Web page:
To such ends, toward the end of this introduction I introduce a phrase that dramatizes the book's stakes, followed by a reading of such interests through a single work of art. Rather than think about the "global art world," such as it is, as both a phenomenon of divisible sociological or economic import and through the imagery it stages and sponsors, I endeavor to treat the work of art's world as an intercessory or medium through which globalization takes place. This language gets at the work of art's mattering and materialization—a larger debate on the status of mediation and production—and the ways such processes lay bare that dynamic of reciprocity earlier described. A reading of Steve McQueen's 17-minute film Gravesend provides such an opening onto these worlds. For to speak of "the work of art's world" is to retain a sense of the activity performed by the object as utterly continuous with the world it at once inhabits and creates: a world Möbius-like in its indivisibility and circularity, a seemingly endless horizon.


Excerpted from Forgetting the Art World by Pamela M. Lee Copyright © 2012 by Massachusetts Institute of Technology. Excerpted by permission of The MIT Press. All rights reserved. No part of this excerpt may be reproduced or reprinted without permission in writing from the publisher.
Excerpts are provided by Dial-A-Book Inc. solely for the personal use of visitors to this web site.

Read More Show Less

Table of Contents


Acknowledgments....................[ix] Introduction: Forgetting the Art World....................1
1 The World Is Flat/The End of the World: Takashi Murakami and the Aesthetics of Post-Fordism....................39
2 Gursky's Ether....................69
3 Perpetual Revolution: Thomas Hirschhorn's Sense of the World....................105
4 On Pseudo-Collectivism; or, How to Be a Collective in the Age of the Consumer Sovereign....................147
Conclusion: Numbers....................185
Notes....................[193] Index....................[221]
Read More Show Less

Customer Reviews

Be the first to write a review
( 0 )
Rating Distribution

5 Star


4 Star


3 Star


2 Star


1 Star


Your Rating:

Your Name: Create a Pen Name or

Barnes & Review Rules

Our reader reviews allow you to share your comments on titles you liked, or didn't, with others. By submitting an online review, you are representing to Barnes & that all information contained in your review is original and accurate in all respects, and that the submission of such content by you and the posting of such content by Barnes & does not and will not violate the rights of any third party. Please follow the rules below to help ensure that your review can be posted.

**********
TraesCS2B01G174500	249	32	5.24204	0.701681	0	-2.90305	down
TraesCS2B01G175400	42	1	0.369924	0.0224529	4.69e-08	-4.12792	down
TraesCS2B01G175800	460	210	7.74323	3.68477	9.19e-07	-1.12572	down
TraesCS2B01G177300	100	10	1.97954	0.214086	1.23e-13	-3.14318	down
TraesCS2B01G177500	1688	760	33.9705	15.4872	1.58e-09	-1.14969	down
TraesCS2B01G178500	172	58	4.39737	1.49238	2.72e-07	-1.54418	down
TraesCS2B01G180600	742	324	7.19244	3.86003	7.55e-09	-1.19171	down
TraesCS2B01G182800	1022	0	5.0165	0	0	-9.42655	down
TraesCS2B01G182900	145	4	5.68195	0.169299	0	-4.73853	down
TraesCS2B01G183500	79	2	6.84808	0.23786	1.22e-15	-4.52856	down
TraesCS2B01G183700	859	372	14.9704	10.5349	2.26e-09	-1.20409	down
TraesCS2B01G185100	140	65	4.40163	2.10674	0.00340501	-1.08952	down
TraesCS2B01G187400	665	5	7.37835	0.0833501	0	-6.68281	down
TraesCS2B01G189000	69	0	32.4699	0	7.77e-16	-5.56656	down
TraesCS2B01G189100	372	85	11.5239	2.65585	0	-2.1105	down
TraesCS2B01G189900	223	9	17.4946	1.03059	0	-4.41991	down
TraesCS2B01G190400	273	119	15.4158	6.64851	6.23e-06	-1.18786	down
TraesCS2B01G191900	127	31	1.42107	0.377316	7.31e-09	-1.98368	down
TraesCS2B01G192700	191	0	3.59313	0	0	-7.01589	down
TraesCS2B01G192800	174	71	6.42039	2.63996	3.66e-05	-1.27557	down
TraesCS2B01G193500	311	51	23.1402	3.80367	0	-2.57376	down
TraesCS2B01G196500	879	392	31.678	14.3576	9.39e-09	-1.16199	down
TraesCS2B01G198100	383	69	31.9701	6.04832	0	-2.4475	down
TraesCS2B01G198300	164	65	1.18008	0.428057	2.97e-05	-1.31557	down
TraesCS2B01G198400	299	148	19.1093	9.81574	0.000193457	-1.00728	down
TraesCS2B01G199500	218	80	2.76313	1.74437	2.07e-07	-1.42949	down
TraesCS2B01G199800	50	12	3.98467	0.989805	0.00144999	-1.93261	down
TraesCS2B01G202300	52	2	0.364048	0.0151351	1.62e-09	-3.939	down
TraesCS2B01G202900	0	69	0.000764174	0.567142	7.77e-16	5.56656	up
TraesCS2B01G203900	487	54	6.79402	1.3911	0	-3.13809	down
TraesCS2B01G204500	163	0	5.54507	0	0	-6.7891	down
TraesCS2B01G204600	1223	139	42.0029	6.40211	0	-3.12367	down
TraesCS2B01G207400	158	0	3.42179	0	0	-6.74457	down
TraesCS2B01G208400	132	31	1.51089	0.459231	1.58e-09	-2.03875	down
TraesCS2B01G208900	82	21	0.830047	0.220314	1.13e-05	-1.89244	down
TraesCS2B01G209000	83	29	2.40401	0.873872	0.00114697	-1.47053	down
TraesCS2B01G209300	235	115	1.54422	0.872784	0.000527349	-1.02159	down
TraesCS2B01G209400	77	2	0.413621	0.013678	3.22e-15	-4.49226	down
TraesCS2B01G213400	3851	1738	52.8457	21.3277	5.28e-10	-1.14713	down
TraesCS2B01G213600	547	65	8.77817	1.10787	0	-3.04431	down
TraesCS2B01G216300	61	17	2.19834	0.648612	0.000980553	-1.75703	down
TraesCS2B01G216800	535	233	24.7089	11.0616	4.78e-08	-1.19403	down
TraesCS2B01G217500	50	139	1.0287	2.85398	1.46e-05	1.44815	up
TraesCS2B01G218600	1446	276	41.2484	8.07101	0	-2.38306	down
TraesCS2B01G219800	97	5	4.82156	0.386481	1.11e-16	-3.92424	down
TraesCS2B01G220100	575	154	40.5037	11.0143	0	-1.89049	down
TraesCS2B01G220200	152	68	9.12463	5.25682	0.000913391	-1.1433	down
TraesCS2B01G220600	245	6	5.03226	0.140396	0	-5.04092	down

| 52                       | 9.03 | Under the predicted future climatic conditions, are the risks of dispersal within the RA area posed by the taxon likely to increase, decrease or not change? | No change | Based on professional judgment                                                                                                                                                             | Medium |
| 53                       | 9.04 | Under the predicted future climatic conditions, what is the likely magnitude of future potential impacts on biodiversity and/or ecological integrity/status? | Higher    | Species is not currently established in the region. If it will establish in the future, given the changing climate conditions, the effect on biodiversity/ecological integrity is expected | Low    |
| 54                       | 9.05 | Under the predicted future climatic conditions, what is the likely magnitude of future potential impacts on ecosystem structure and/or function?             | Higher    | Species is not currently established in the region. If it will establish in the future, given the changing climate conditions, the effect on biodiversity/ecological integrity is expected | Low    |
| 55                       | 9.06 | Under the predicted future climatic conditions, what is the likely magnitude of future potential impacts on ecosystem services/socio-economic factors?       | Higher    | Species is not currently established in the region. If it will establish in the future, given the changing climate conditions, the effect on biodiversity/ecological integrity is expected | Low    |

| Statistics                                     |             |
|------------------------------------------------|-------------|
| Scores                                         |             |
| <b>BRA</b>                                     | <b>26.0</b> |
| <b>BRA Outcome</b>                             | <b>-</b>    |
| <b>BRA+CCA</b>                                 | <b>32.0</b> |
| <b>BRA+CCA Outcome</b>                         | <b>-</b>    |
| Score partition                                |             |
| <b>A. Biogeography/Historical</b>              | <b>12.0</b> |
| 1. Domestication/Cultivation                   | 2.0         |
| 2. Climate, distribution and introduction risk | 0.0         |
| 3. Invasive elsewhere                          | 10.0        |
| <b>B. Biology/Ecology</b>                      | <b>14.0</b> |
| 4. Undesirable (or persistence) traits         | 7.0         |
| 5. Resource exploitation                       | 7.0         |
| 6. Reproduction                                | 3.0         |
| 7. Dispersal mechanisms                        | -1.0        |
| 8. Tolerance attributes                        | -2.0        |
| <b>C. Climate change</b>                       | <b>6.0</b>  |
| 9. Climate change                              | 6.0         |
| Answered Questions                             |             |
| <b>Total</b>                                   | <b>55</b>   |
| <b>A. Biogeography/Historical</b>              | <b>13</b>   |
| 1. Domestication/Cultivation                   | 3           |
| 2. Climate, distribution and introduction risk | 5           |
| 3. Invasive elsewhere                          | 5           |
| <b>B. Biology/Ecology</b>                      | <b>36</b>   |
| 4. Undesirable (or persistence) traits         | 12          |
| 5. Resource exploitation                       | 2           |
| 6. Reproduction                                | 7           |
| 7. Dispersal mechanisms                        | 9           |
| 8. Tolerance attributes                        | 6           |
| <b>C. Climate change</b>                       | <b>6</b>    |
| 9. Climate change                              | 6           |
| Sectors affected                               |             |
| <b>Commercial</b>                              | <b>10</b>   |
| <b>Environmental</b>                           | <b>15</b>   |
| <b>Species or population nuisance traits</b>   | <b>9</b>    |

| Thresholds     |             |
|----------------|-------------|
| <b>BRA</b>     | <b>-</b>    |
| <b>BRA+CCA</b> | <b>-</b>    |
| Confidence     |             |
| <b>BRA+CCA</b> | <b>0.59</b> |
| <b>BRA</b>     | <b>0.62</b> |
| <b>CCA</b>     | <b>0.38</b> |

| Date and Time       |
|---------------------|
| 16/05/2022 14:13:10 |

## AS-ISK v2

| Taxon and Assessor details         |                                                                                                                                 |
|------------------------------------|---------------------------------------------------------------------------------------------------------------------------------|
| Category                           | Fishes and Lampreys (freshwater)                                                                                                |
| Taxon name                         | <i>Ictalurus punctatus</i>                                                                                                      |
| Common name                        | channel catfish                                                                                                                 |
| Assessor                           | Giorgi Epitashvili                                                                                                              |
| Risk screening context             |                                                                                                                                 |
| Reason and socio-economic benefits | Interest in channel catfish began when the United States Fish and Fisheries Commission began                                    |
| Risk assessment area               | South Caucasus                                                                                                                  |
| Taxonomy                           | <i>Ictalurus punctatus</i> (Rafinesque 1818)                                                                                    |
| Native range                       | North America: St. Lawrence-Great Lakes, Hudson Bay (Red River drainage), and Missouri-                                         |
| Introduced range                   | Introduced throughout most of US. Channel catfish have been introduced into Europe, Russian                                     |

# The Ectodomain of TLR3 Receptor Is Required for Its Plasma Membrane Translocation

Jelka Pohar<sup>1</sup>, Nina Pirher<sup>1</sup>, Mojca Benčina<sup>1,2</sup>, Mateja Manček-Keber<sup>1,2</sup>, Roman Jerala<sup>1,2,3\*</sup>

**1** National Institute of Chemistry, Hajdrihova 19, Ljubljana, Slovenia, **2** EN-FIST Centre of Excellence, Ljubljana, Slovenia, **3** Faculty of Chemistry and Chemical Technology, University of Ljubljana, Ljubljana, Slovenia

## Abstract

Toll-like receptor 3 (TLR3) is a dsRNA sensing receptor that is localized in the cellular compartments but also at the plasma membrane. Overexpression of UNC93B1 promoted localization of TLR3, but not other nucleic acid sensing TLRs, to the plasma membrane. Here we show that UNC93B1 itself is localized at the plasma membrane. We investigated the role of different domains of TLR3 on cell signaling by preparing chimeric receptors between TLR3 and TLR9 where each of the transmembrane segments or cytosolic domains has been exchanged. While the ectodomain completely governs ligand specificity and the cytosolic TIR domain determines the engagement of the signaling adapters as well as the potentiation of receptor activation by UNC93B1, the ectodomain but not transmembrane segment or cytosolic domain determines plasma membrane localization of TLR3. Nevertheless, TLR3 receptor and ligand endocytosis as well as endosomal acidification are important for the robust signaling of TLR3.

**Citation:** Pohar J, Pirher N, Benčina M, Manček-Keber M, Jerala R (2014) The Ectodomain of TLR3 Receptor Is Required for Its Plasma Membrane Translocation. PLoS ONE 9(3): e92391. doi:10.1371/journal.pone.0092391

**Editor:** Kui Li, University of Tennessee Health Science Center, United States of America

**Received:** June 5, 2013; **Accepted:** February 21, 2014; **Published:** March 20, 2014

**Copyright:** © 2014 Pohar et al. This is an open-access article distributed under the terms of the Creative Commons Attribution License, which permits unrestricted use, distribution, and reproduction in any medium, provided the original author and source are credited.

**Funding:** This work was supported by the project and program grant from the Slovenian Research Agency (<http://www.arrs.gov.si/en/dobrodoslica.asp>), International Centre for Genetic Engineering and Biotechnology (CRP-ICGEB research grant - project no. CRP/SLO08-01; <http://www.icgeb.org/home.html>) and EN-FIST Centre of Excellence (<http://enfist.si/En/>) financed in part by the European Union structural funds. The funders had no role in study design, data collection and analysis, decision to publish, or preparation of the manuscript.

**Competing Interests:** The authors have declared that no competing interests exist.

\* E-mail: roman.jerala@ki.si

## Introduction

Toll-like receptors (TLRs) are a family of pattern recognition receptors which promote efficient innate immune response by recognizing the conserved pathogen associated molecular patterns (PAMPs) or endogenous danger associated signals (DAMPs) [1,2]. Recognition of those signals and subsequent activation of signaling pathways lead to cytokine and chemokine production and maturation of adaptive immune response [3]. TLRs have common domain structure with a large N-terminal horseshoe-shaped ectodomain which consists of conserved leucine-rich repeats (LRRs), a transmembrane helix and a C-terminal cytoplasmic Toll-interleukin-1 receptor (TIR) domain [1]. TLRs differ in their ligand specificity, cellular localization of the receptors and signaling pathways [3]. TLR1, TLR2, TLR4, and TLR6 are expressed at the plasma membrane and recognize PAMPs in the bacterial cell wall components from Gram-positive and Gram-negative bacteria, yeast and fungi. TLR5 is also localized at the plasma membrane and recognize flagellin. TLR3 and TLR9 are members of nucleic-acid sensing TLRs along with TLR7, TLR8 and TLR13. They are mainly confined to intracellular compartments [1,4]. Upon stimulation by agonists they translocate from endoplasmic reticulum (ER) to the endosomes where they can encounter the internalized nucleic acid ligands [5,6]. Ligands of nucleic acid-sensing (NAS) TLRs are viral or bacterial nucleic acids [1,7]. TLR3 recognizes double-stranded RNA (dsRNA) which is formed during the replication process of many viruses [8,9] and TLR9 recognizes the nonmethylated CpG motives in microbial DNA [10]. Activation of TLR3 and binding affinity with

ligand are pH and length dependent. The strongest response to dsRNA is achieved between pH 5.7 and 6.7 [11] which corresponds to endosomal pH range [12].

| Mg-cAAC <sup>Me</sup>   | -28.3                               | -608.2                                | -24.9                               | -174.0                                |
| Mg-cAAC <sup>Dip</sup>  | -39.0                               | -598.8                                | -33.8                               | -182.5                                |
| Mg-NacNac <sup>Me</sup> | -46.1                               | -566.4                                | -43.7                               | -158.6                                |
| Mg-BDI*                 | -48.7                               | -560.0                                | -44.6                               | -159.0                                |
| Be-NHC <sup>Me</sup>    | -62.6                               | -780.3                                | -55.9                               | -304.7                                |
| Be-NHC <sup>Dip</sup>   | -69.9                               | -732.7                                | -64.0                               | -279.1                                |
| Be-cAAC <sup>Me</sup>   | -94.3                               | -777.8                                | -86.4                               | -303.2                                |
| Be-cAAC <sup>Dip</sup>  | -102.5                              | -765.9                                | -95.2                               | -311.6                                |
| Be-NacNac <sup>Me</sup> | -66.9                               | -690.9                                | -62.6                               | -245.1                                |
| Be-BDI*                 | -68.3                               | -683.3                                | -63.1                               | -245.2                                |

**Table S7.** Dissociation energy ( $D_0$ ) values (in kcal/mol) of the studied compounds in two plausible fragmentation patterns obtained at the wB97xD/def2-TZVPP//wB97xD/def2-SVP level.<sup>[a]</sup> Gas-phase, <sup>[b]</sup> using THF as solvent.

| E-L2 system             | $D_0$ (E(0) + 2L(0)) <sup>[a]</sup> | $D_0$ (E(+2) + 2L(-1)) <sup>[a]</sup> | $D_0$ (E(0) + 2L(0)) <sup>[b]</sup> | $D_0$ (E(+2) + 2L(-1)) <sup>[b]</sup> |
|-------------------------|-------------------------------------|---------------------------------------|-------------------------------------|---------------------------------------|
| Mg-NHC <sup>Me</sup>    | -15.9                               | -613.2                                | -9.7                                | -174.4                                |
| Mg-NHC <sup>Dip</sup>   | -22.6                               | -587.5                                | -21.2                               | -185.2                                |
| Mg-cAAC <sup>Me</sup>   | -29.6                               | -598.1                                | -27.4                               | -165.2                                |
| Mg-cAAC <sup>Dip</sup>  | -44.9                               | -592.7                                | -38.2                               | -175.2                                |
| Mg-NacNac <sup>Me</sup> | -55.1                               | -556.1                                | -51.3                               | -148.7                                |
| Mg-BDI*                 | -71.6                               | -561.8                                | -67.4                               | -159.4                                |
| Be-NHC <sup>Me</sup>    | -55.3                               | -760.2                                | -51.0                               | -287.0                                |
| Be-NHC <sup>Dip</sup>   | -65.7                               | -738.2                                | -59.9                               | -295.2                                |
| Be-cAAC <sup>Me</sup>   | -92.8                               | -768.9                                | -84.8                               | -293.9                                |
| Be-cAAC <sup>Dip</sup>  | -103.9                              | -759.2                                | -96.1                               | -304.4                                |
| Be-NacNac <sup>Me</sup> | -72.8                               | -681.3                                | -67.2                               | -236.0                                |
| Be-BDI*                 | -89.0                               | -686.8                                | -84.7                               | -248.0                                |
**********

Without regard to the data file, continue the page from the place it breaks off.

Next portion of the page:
Reviews by Our Customers Under the Age of 13

We highly value and respect everyone's opinion concerning the titles we offer. However, we cannot allow persons under the age of 13 to have accounts at or to post customer reviews. Please see our Terms of Use for more details.

What to exclude from your review:

Please do not write about reviews, commentary, or information posted on the product page. If you see any errors in the information on the product page, please send us an email.

Reviews should not contain any of the following:

  • - HTML tags, profanity, obscenities, vulgarities, or comments that defame anyone
  • - Time-sensitive information such as tour dates, signings, lectures, etc.
  • - Single-word reviews. Other people will read your review to discover why you liked or didn't like the title. Be descriptive.
  • - Comments focusing on the author or that may ruin the ending for others
  • - Phone numbers, addresses, URLs
  • - Pricing and availability information or alternative ordering information
  • - Advertisements or commercial solicitation


  • - By submitting a review, you grant to Barnes & and its sublicensees the royalty-free, perpetual, irrevocable right and license to use the review in accordance with the Barnes & Terms of Use.
  • - Barnes & reserves the right not to post any review -- particularly those that do not follow the terms and conditions of these Rules. Barnes & also reserves the right to remove any review at any time without notice.
  • - See Terms of Use for other conditions and disclaimers.
Search for Products You'd Like to Recommend

Recommend other products that relate to your review. Just search for them below and share!

Create a Pen Name

Your Pen Name is your unique identity on It will appear on the reviews you write and other website activities. Your Pen Name cannot be edited, changed or deleted once submitted.

Your Pen Name can be any combination of alphanumeric characters (plus - and _), and must be at least two characters long.

Continue Anonymously

    If you find inappropriate content, please report it to Barnes & Noble
    Why is this product inappropriate?
    Comments (optional)